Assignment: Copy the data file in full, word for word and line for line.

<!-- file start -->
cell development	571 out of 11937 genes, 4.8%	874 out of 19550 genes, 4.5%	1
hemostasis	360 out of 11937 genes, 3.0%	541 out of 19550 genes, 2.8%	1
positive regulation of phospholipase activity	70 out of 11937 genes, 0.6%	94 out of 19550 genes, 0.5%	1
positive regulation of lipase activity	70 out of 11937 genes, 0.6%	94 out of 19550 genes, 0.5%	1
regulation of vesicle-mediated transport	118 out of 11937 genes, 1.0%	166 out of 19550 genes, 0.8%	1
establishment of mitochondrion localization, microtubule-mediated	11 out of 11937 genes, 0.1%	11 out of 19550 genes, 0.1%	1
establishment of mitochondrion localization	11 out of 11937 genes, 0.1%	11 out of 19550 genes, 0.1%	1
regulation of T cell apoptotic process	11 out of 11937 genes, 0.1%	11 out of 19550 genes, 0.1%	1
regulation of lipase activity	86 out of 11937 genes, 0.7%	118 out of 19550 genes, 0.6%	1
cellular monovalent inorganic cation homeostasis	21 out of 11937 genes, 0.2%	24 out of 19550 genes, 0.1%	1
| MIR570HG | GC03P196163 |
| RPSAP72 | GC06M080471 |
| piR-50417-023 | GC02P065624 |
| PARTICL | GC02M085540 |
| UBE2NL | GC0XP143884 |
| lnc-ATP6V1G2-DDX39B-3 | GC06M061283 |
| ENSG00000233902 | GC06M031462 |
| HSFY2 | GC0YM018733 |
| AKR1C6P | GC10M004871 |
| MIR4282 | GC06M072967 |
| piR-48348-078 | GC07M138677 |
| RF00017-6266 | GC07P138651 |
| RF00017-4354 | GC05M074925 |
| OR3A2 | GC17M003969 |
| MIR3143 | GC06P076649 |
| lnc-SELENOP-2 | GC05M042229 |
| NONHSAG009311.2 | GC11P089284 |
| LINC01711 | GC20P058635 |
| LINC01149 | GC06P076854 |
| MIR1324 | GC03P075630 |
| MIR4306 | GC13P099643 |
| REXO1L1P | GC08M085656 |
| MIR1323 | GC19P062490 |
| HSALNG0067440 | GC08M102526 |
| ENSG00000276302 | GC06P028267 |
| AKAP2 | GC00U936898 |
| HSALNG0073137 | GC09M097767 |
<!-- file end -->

cell development	571 out of 11937 genes, 4.8%	874 out of 19550 genes, 4.5%	1
hemostasis	360 out of 11937 genes, 3.0%	541 out of 19550 genes, 2.8%	1
positive regulation of phospholipase activity	70 out of 11937 genes, 0.6%	94 out of 19550 genes, 0.5%	1
positive regulation of lipase activity	70 out of 11937 genes, 0.6%	94 out of 19550 genes, 0.5%	1
regulation of vesicle-mediated transport	118 out of 11937 genes, 1.0%	166 out of 19550 genes, 0.8%	1
establishment of mitochondrion localization, microtubule-mediated	11 out of 11937 genes, 0.1%	11 out of 19550 genes, 0.1%	1
establishment of mitochondrion localization	11 out of 11937 genes, 0.1%	11 out of 19550 genes, 0.1%	1
regulation of T cell apoptotic process	11 out of 11937 genes, 0.1%	11 out of 19550 genes, 0.1%	1
regulation of lipase activity	86 out of 11937 genes, 0.7%	118 out of 19550 genes, 0.6%	1
cellular monovalent inorganic cation homeostasis	21 out of 11937 genes, 0.2%	24 out of 19550 genes, 0.1%	1
| MIR570HG | GC03P196163 |
| RPSAP72 | GC06M080471 |
| piR-50417-023 | GC02P065624 |
| PARTICL | GC02M085540 |
| UBE2NL | GC0XP143884 |
| lnc-ATP6V1G2-DDX39B-3 | GC06M061283 |
| ENSG00000233902 | GC06M031462 |
| HSFY2 | GC0YM018733 |
| AKR1C6P | GC10M004871 |
| MIR4282 | GC06M072967 |
| piR-48348-078 | GC07M138677 |
| RF00017-6266 | GC07P138651 |
| RF00017-4354 | GC05M074925 |
| OR3A2 | GC17M003969 |
| MIR3143 | GC06P076649 |
| lnc-SELENOP-2 | GC05M042229 |
| NONHSAG009311.2 | GC11P089284 |
| LINC01711 | GC20P058635 |
| LINC01149 | GC06P076854 |
| MIR1324 | GC03P075630 |
| MIR4306 | GC13P099643 |
| REXO1L1P | GC08M085656 |
| MIR1323 | GC19P062490 |
| HSALNG0067440 | GC08M102526 |
| ENSG00000276302 | GC06P028267 |
| AKAP2 | GC00U936898 |
| HSALNG0073137 | GC09M097767 |